Press the gear icon in the upper-left corner and a strip of five basic choices appears: full menu, image size, effect, time, and flash. The full settings are organized in a grid of icons that is, thankfully, customizable; You can drag the icons for the settings around in the grid and arrange them however you like. The Edge offers control over picture size/resolution, metering modes, stabilization, timer, white balance, exposure, guidelines, shutter sound, and on. If you can think of it, it is probably in there.

As on the Note 4, the main “shooting modes” on the Note Edge number just four: auto, rear-cam selfie, selective focus, and panorama. The phone includes beauty face, shot & more, virtual tour, and dual camera, as well, but they are relatively hidden. You can also choose to download more from Samsung's Galaxy Apps Store. All of the shooting modes behave on the Edge just as they do on the Note 4.



The Note Edge takes great pictures. It uses the same excellent sensor found on the Note 4 and the results speak for themselves. The Edge does a great job of capturing images that are true-to-life, with accurate exposure, focus, and white balance. The Note Edge can serve as your main shooter for everything but the most serious life events. It's second only to the iPhone 6/6 Plus.



Ditto for the video camera. It captures content in Ultra HD (4K), QHD (2560 x 1440 pixels), and 1080p HD resolutions, but you may as well stick with the 1080p capture mode. The screen itself is QHD and video content you've shot in QHD uses every pixel on the screen. It looks great, but most TVs can't yet handle 4K or QHD resolution. The Edge did a great job with focus, exposure, and white balance, leaving me impressed with nearly all the footage I captured. Audio quality was actually improved over what I saw with the Note 4. You can use the Note Edge as your everyday video-capturing device, and even get away with leaving the video camera at home for some important family events.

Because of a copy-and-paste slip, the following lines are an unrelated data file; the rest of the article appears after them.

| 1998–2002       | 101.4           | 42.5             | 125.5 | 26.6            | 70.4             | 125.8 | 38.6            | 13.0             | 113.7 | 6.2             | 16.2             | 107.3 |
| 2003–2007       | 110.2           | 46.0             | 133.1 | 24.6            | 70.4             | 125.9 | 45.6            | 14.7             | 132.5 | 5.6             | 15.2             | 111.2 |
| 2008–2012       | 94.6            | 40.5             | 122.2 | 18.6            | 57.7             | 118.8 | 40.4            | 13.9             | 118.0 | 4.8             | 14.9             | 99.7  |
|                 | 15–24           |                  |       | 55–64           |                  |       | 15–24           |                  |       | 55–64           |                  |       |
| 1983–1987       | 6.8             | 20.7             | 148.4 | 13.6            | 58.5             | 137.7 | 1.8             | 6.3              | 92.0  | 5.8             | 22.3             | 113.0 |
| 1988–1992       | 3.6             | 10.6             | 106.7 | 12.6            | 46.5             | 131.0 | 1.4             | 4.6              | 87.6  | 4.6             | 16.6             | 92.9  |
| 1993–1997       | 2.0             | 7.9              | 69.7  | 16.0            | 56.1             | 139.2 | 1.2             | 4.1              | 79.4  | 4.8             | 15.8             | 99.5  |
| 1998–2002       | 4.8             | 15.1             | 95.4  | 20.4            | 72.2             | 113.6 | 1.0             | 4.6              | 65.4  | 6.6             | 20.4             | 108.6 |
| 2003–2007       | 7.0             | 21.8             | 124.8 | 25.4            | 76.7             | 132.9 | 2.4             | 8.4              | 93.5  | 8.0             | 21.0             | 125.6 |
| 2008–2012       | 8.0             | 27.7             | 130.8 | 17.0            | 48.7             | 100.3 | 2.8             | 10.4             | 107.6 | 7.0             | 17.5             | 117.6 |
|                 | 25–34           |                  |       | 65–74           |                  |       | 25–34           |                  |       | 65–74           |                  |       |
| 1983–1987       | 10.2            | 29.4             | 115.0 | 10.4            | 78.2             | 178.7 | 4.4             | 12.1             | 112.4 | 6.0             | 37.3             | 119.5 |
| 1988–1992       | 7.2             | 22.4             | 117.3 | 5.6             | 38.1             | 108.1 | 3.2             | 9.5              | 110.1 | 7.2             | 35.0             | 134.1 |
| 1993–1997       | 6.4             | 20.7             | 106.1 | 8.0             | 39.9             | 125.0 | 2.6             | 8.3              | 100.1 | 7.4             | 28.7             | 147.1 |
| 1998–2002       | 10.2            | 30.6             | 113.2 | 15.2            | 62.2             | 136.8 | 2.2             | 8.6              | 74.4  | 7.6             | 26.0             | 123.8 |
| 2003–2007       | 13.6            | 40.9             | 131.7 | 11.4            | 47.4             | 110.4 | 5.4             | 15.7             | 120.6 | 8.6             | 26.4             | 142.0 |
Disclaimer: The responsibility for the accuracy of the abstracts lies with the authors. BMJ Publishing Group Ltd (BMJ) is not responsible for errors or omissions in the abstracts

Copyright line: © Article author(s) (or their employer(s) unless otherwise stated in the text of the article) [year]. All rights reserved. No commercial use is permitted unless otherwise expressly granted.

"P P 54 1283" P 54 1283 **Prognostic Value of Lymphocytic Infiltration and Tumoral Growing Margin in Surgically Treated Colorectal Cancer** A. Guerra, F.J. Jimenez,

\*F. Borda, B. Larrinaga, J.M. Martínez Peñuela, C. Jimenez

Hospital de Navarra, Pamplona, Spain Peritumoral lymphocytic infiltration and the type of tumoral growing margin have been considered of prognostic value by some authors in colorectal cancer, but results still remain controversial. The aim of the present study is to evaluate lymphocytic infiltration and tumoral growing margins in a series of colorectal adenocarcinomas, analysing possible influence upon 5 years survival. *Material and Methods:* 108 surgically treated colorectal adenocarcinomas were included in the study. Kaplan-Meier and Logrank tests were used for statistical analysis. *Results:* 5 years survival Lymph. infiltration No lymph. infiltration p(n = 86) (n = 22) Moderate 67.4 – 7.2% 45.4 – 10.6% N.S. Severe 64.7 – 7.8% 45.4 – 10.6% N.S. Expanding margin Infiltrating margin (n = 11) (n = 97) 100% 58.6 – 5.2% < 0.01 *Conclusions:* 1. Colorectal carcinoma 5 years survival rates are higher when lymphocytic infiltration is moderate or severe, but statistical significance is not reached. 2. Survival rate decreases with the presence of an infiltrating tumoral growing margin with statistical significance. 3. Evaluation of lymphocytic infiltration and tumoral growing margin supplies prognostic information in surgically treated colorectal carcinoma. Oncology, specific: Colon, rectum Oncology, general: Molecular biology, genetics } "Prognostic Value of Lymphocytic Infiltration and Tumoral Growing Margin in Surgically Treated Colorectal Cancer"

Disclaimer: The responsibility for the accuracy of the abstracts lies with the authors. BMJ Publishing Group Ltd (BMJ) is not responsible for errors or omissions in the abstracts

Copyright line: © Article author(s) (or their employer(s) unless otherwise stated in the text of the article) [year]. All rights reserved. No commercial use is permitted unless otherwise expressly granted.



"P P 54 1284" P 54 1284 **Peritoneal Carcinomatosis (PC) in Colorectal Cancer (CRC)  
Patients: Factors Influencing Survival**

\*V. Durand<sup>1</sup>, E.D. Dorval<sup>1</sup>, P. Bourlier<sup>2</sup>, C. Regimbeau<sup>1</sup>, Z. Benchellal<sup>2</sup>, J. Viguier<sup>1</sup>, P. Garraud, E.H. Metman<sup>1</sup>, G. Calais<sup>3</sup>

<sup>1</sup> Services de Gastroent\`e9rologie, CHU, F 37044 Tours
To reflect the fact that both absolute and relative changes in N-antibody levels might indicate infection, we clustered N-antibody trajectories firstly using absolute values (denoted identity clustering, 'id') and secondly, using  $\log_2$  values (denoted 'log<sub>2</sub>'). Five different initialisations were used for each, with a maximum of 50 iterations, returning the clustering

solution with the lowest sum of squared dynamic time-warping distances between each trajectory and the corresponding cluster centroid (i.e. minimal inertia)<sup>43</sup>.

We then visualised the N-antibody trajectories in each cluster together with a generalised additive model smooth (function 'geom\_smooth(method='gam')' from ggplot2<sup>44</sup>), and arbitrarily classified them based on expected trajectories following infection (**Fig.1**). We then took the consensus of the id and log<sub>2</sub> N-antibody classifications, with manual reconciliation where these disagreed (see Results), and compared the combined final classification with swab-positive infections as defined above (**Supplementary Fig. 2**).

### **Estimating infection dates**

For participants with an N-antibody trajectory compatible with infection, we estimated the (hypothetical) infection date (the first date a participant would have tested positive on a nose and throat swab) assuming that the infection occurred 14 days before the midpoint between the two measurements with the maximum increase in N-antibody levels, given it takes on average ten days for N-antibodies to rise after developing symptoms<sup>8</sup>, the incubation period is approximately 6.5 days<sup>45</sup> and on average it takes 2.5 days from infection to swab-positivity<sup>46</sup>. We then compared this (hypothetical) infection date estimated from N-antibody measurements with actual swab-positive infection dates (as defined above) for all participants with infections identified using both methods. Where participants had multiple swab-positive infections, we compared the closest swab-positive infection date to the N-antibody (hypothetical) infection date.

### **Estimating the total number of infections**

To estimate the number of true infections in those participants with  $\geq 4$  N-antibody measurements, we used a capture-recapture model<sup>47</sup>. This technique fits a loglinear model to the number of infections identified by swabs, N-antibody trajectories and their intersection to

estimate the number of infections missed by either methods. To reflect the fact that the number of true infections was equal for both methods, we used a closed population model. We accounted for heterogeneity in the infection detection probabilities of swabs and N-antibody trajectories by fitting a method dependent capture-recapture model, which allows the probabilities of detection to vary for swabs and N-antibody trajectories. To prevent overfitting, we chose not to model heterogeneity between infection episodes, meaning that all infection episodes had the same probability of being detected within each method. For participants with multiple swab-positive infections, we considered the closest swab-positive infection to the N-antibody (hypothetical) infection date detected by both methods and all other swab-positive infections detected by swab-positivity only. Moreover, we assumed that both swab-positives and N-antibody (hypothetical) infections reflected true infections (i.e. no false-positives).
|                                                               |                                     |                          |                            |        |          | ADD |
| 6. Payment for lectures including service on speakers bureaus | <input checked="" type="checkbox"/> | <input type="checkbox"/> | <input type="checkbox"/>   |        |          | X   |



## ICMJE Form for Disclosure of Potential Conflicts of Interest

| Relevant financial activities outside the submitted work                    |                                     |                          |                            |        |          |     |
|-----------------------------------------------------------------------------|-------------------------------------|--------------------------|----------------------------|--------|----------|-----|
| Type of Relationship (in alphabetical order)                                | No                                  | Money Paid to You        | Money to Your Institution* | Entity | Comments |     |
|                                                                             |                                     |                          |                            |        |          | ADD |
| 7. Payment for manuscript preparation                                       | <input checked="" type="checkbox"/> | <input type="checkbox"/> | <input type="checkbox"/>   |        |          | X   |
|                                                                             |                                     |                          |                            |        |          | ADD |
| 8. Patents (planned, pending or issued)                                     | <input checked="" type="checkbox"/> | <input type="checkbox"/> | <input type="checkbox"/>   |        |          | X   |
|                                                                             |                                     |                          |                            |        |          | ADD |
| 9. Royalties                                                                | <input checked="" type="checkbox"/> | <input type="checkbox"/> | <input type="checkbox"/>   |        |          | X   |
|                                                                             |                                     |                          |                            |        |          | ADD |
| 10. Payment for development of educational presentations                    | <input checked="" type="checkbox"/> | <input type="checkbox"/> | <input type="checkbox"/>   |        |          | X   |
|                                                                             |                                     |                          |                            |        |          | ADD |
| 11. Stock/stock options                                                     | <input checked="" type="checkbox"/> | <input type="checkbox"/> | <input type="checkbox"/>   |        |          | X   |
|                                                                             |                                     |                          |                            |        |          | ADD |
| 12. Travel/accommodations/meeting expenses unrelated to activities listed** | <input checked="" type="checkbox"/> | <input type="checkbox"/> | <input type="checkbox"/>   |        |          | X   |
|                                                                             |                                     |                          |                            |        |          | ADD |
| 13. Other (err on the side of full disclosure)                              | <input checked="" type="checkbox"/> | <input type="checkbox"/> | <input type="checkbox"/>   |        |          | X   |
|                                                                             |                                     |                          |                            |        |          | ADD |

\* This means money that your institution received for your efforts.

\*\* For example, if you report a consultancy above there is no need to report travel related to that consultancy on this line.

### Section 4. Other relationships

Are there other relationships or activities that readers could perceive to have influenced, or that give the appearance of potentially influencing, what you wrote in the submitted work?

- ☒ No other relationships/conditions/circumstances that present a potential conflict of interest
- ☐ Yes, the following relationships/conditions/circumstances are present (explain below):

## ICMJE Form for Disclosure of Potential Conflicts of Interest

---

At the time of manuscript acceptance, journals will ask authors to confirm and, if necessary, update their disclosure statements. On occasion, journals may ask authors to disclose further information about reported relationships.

The Note Edge has both the older Android gallery app and the newer Photos app from Google. At this point, I'd recommend you skip the former in favor or the latter for several reasons. First and foremost, the old gallery app is being discontinued in Android 5.0 Lollipop. Second, the new Photos app offers a richer array of tools for editing and managing your photos.